American Heart Association


Thrombus Migration in Large Vessel Occlusion: Is it Good or Bad?

Ravinder-Jeet Singh, MBBS, DM

Alves HC, Treurniet KM, Jansen IGH, Yoo AJ, Dutra BG, Zhang G, et al. Thrombus Migration Paradox in Patients with Acute Ischemic Stroke. Stroke. 2019; 50:3156-3163.

Thrombus is a dynamic structure with constantly changing size, morphology and location over time, to variable extent in each patient, before recanalization occurs. Recently, there is interest in understanding dynamic clot features, especially regarding thrombus movement — defined as change in the occlusion site — between initial (typically CT angiogram) and follow-up vascular imaging (usually catheter angiogram for mechanical thrombectomy). Whether thrombus migration before recanalization is of any clinical or functional significance remains under investigation. The thrombus migration was studied in the past.1 It underlies a clinical phenomenon called “spectacular shrinking deficit,” in which a patient with major hemispheric syndrome shows rapid (over minutes to hours) and dramatic improvement or disappearance of most clinical deficits.1 Use of regular “vascular imaging” now allows investigating the concept in reverse order, i.e., the incidence thrombus migration and correlate it with clinical change or functional outcome. Different factors determine the dynamic behavior of the clot, including source of thrombus (etiology of stroke), composition of the thrombus, initial thrombus location within arterial tree (for example, proximal vs distal occlusion), angioarchitecture around the thrombus and use of intravenous thrombolysis (IVT).1-4

Stroke Codes for Nonagenarians

Richard Jackson, MD

Drouard-de Rousiers E, Lucas L, Richard S, Consoli A, Mazighi M, Labreuche J, et al. Impact of Reperfusion for Nonagenarians Treated by Mechanical Thrombectomy: Insights From the ETIS Registry. Stroke. 2019;50:3164–3169.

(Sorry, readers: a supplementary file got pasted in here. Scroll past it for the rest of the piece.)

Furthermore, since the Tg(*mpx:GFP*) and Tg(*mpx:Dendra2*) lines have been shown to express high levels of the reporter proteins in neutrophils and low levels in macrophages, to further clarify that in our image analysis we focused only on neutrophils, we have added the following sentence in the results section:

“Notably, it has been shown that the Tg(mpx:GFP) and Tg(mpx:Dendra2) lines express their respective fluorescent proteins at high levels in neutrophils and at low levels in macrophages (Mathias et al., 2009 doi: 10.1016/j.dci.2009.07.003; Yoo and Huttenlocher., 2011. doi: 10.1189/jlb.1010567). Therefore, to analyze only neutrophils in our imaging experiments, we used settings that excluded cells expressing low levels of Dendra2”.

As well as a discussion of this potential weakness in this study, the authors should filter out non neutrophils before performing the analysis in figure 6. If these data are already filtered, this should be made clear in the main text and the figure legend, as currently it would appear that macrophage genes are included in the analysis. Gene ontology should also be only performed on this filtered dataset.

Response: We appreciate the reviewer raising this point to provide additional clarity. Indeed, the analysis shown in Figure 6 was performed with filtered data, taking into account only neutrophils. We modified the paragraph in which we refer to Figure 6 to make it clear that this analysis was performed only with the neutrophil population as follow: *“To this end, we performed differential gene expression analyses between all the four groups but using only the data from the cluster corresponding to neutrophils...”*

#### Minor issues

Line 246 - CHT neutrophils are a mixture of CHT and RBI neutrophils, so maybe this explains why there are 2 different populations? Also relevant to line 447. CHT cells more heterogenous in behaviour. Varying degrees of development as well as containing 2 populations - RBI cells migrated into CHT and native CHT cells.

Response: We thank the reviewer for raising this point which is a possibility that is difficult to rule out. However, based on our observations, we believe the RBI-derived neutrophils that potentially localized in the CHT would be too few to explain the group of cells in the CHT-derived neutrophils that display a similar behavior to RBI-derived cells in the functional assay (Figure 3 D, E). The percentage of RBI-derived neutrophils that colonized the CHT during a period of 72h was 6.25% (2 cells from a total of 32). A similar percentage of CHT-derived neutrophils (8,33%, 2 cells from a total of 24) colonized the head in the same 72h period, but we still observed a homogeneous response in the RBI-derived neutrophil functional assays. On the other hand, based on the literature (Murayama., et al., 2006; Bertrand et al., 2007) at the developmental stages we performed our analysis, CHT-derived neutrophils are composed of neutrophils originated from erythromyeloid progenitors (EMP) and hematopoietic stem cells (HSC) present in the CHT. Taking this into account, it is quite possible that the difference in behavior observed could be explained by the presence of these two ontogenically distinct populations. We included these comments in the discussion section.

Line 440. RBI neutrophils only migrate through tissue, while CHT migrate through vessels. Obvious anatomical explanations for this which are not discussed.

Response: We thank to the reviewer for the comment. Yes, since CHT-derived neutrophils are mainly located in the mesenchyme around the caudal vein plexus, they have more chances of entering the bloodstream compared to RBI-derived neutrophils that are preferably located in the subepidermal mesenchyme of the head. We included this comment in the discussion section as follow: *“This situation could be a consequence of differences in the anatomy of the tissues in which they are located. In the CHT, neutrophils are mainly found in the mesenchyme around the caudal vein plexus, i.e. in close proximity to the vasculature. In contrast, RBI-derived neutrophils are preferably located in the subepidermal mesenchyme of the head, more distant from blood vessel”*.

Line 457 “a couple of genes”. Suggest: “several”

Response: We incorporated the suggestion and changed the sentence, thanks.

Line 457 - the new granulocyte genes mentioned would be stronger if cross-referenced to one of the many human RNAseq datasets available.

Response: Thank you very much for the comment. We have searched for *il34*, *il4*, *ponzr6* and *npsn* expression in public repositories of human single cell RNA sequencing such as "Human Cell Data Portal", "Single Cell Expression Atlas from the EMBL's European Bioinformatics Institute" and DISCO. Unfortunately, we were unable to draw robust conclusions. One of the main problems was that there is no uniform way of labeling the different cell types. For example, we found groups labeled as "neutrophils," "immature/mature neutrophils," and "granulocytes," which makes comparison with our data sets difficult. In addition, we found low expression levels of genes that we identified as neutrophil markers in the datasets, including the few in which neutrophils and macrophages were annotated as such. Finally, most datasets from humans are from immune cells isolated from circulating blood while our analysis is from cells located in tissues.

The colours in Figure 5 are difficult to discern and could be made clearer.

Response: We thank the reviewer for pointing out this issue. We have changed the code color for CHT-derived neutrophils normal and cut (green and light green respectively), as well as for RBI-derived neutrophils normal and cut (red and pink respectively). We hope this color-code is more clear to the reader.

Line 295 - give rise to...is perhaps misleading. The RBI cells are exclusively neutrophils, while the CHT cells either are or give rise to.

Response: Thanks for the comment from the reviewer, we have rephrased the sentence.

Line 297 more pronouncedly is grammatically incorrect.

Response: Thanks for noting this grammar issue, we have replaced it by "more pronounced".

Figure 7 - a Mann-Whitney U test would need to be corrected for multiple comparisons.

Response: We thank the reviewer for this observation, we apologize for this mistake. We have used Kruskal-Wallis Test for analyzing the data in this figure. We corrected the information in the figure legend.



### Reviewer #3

Dr. Drouard-de Rousiers et al. performed a retrospective analysis of all patients over 90 years old who received endovascular therapy in the Endovascular Treatment in Ischemic (ETIS) registry from 2013-2018. 

The study is based on observational data retrospectively gathered from multiple sites, all devices were third generation, clinical and radiographic data were evaluated on admission, and CT or MRI was performed between 12 and 72 hours to track hemorrhagic transformation. The patients with successful reperfusion had OR 3.26 of having lower 90-day mRS mainly driven by decreased mortality. The caveat to this benefit is that procedural complications were 16.5% including vessel perforations and dissections.

Article Commentary: “One-Year Home-Time and Mortality After Thrombolysis Compared With Nontreated Patients in a Propensity-Matched Analysis”

Jennifer Harris, MD

Yu AYX, Fang J, Kapral MK. One-Year Home-Time and Mortality After Thrombolysis Compared With Nontreated Patients in a Propensity-Matched Analysis. Stroke. 2019;50:3488–3493.

Thrombolytic therapy with intravenous recombinant tissue plasminogen activator (r-tPA) is an effective treatment in acute ischemic stroke. Several studies have examined functional outcome and mortality at 3 months after intravenous r-tPA treatment. However, data on long-term outcome are limited. Two randomized controlled stroke trials, the National Institute of Neurological Disorders and Stroke trial (NINDS) and the third International Stroke Trial (IST-3), have examined long-term mortality after intravenous r-tPA and revealed no differences in mortality rates among treated and nontreated patients at 12- and 18-months follow-up, respectively.